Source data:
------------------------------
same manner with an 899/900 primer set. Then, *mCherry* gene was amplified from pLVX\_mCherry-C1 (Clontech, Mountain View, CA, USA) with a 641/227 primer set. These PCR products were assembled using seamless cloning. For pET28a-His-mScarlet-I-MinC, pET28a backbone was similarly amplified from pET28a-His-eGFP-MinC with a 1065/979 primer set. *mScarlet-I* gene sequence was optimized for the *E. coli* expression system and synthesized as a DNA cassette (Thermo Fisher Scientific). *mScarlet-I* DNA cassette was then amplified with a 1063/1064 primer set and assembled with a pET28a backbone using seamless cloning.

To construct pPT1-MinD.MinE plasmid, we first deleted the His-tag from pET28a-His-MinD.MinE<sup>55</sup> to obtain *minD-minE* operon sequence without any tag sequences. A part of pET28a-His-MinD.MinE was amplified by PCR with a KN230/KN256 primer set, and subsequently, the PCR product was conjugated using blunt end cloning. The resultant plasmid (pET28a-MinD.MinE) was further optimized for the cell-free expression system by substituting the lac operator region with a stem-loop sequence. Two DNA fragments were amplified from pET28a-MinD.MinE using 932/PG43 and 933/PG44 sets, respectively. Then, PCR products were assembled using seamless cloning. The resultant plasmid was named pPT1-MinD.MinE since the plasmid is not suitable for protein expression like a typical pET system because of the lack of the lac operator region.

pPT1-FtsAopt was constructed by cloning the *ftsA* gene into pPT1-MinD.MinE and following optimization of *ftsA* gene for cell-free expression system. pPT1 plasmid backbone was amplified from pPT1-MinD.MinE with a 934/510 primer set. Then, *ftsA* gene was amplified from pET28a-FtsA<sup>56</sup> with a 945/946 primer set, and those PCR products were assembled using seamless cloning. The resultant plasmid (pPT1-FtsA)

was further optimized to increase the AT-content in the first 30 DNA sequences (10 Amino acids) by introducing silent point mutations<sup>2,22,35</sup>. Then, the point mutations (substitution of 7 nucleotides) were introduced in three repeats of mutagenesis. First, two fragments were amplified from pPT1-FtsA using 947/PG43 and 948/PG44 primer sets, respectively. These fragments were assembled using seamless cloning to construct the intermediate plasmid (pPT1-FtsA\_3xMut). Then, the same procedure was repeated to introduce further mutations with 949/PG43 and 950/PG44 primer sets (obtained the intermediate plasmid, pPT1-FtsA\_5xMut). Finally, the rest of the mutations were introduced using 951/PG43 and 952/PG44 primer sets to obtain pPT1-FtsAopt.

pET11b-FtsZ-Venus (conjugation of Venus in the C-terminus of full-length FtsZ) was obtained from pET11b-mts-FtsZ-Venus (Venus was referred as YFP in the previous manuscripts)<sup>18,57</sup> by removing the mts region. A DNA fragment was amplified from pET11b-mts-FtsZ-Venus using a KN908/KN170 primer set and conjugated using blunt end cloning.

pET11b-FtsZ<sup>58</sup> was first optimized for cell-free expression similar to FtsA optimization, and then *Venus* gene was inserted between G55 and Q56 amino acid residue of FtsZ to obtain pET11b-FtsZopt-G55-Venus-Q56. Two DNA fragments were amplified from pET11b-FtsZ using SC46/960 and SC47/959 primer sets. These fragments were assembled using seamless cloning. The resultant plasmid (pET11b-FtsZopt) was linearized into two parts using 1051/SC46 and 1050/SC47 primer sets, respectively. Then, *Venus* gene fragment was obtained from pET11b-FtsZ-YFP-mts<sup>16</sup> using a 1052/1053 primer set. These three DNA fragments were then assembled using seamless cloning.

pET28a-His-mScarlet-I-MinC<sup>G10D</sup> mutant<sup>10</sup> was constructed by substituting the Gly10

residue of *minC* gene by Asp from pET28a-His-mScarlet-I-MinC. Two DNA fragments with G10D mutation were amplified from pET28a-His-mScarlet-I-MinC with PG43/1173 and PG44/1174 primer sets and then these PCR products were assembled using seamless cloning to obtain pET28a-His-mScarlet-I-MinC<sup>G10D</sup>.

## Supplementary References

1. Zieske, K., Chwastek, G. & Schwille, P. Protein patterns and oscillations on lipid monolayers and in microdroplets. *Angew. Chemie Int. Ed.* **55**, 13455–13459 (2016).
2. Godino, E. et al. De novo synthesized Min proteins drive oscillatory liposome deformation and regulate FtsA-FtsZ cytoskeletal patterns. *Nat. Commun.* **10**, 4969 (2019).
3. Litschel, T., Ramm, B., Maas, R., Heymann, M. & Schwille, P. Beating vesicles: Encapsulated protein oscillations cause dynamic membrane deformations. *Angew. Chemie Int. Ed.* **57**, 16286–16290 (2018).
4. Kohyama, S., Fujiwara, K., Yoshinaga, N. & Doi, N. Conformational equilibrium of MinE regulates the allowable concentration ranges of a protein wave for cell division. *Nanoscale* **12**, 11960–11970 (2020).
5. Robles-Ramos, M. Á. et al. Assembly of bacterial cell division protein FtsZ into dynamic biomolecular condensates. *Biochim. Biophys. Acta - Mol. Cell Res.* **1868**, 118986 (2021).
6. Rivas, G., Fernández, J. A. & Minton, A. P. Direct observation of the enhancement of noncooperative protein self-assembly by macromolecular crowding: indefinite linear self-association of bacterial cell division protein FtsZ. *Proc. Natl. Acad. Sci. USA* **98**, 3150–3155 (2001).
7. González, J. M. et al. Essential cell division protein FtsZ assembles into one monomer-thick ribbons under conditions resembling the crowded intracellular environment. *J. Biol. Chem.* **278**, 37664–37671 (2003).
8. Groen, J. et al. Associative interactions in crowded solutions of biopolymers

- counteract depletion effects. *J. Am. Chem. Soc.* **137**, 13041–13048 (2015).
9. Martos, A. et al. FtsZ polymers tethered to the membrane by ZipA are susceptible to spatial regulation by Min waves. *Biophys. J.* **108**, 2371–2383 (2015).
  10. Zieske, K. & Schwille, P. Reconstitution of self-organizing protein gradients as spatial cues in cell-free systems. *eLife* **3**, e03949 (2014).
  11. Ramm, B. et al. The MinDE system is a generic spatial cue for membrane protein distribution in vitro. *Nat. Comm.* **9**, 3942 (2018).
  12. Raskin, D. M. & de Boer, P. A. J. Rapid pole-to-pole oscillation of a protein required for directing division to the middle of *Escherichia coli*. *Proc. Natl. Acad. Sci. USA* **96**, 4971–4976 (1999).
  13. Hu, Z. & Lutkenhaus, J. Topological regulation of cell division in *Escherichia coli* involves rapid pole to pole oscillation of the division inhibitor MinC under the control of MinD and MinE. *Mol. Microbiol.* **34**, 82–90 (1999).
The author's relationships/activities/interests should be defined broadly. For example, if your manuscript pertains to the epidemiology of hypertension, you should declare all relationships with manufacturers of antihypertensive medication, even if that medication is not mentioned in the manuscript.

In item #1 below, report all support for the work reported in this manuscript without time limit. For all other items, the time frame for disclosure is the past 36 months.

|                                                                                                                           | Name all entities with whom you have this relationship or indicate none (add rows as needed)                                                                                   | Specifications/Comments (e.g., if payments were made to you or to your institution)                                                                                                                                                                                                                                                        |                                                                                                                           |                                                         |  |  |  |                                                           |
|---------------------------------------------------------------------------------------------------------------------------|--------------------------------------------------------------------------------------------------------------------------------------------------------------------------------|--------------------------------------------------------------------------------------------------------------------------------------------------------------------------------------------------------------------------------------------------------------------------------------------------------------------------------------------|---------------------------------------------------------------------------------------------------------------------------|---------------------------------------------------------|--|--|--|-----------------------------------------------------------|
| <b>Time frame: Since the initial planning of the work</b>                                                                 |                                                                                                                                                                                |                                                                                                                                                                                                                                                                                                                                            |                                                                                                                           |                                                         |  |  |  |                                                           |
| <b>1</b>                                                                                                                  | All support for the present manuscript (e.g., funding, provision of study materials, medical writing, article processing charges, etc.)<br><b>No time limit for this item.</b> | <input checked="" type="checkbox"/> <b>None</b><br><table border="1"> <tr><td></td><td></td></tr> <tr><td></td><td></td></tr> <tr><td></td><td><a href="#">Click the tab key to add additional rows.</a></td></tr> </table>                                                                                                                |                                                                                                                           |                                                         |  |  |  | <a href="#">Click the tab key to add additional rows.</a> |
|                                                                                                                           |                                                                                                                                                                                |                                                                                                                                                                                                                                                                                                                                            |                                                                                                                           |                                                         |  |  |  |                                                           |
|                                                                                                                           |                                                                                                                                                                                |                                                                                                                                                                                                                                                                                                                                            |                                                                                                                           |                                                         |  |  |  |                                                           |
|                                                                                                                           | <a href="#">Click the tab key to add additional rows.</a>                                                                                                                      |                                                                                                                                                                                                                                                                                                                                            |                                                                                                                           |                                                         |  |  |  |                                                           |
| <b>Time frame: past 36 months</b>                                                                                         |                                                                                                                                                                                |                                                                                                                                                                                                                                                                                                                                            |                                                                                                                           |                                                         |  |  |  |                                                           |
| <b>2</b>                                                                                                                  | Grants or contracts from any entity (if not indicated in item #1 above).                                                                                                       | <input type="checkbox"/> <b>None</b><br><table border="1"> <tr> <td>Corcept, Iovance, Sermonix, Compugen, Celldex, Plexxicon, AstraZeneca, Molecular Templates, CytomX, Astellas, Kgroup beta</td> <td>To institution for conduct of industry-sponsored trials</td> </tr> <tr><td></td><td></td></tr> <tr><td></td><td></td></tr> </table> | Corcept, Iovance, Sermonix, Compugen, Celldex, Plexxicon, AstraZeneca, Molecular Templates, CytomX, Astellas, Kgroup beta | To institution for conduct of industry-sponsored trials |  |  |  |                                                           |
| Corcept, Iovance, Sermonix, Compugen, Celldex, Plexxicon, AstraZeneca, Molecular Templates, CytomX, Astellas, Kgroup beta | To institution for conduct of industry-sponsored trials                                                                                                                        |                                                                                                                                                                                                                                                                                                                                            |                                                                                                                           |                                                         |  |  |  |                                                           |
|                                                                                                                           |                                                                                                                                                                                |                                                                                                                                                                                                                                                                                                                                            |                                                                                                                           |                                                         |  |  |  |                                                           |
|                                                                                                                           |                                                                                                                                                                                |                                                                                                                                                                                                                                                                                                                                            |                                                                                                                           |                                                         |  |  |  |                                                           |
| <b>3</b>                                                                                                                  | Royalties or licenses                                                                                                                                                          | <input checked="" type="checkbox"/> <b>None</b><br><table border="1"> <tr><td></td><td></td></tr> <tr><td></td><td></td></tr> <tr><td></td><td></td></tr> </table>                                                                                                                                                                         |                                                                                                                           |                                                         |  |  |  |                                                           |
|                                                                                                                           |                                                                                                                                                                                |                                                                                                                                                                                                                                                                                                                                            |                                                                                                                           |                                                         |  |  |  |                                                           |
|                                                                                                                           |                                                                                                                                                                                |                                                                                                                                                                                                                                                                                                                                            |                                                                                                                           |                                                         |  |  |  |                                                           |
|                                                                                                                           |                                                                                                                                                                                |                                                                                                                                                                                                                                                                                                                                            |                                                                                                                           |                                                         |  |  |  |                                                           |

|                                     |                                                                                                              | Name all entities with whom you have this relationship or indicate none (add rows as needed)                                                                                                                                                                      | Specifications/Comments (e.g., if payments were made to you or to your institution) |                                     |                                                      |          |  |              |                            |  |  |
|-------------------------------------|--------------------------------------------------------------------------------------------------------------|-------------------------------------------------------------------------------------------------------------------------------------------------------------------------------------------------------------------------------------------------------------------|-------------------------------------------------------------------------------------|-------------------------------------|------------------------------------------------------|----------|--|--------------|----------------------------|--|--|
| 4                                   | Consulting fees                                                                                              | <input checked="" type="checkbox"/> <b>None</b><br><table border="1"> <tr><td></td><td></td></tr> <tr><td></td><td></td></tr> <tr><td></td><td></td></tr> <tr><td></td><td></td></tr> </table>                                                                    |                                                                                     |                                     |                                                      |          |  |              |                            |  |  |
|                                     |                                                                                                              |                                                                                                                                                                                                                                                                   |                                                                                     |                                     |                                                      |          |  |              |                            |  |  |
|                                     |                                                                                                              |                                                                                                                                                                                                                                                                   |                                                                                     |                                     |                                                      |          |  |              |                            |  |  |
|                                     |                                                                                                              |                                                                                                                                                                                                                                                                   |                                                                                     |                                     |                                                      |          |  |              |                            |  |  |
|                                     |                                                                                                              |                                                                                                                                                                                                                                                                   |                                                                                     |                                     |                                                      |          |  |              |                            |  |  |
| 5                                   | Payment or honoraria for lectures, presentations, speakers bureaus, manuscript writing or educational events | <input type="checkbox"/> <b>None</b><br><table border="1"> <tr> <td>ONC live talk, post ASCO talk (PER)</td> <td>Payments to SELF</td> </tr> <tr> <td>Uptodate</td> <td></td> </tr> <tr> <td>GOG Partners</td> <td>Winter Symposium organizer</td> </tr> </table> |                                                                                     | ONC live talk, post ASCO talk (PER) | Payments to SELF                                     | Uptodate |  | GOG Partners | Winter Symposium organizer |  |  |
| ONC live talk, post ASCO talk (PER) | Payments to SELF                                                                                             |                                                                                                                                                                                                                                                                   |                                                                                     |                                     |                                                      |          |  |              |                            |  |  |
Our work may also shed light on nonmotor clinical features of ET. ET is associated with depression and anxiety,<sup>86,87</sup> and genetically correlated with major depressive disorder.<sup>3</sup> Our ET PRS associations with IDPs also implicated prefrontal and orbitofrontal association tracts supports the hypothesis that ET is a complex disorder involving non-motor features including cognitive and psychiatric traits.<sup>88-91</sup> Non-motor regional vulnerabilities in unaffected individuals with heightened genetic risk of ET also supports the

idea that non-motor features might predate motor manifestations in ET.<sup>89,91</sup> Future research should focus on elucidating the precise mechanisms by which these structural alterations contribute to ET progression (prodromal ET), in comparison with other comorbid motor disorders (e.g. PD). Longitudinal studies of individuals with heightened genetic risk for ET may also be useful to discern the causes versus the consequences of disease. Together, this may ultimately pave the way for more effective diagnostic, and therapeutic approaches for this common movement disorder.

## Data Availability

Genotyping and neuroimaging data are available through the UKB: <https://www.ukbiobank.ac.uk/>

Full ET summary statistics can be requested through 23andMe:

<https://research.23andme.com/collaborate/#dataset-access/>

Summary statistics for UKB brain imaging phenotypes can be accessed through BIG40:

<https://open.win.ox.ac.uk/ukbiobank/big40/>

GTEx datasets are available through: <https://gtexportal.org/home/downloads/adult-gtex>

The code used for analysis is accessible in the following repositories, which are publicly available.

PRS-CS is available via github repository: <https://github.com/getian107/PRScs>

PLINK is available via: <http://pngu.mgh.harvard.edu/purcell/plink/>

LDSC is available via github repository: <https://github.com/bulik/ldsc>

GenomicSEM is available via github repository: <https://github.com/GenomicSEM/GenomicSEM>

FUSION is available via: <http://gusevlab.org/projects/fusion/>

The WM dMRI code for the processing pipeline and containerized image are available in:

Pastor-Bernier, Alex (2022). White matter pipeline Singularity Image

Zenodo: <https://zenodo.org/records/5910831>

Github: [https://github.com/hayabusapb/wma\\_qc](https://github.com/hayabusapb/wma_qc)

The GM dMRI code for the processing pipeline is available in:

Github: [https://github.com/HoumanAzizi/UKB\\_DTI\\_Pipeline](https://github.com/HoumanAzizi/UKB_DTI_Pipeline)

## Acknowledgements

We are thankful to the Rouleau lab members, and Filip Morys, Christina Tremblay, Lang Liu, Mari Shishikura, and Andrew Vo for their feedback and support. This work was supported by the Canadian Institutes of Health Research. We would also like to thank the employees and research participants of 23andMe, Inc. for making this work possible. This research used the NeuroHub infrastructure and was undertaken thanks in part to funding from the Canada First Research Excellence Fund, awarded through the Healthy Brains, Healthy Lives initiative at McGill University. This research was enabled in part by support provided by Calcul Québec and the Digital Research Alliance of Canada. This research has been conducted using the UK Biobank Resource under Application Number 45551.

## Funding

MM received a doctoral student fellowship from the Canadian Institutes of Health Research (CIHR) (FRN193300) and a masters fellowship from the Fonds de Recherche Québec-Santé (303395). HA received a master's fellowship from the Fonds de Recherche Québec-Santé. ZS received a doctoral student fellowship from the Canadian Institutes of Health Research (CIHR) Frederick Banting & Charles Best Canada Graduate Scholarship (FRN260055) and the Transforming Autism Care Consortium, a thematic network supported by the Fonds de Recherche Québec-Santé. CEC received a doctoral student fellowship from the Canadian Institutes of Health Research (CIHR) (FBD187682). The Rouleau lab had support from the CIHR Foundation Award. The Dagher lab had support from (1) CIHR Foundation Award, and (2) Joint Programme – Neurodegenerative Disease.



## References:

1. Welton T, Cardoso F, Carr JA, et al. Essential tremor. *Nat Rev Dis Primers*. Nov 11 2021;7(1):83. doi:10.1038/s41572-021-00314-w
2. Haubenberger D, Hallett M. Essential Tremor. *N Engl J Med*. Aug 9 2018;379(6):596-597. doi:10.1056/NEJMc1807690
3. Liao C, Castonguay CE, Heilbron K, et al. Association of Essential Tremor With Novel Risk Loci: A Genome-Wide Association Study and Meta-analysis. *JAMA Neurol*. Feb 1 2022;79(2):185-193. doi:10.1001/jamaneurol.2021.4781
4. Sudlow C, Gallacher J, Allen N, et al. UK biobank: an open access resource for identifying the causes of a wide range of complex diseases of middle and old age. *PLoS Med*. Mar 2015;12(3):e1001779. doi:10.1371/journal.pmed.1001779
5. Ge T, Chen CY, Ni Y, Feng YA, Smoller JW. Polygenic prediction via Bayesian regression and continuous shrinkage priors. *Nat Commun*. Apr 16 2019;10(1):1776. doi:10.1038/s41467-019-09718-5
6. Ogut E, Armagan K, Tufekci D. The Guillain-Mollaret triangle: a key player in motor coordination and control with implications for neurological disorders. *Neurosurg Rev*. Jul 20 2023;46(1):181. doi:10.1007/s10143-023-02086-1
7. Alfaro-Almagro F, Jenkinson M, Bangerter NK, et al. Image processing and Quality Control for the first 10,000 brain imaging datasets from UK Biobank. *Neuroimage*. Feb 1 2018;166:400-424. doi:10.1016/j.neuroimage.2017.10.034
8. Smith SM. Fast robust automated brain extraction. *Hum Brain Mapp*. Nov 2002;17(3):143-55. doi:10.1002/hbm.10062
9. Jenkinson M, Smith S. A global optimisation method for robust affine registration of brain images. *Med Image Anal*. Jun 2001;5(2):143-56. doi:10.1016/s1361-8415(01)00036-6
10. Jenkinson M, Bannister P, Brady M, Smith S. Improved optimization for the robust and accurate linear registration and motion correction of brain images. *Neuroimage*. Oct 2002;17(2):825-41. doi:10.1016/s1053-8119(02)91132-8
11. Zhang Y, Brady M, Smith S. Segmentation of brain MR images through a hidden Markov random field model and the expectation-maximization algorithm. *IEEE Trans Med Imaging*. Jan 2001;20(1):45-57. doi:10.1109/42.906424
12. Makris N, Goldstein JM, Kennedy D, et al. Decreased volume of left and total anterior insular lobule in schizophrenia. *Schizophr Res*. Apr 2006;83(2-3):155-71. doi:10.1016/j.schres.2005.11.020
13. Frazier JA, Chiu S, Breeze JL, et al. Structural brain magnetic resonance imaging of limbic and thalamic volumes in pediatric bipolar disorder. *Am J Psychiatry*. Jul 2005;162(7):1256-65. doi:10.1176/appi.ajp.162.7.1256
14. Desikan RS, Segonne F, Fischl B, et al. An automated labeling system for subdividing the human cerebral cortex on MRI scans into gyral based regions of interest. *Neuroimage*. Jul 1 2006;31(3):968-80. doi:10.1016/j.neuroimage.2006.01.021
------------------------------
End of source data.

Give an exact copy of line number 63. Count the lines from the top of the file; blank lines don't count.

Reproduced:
LDSC is available via github repository: <https://github.com/bulik/ldsc>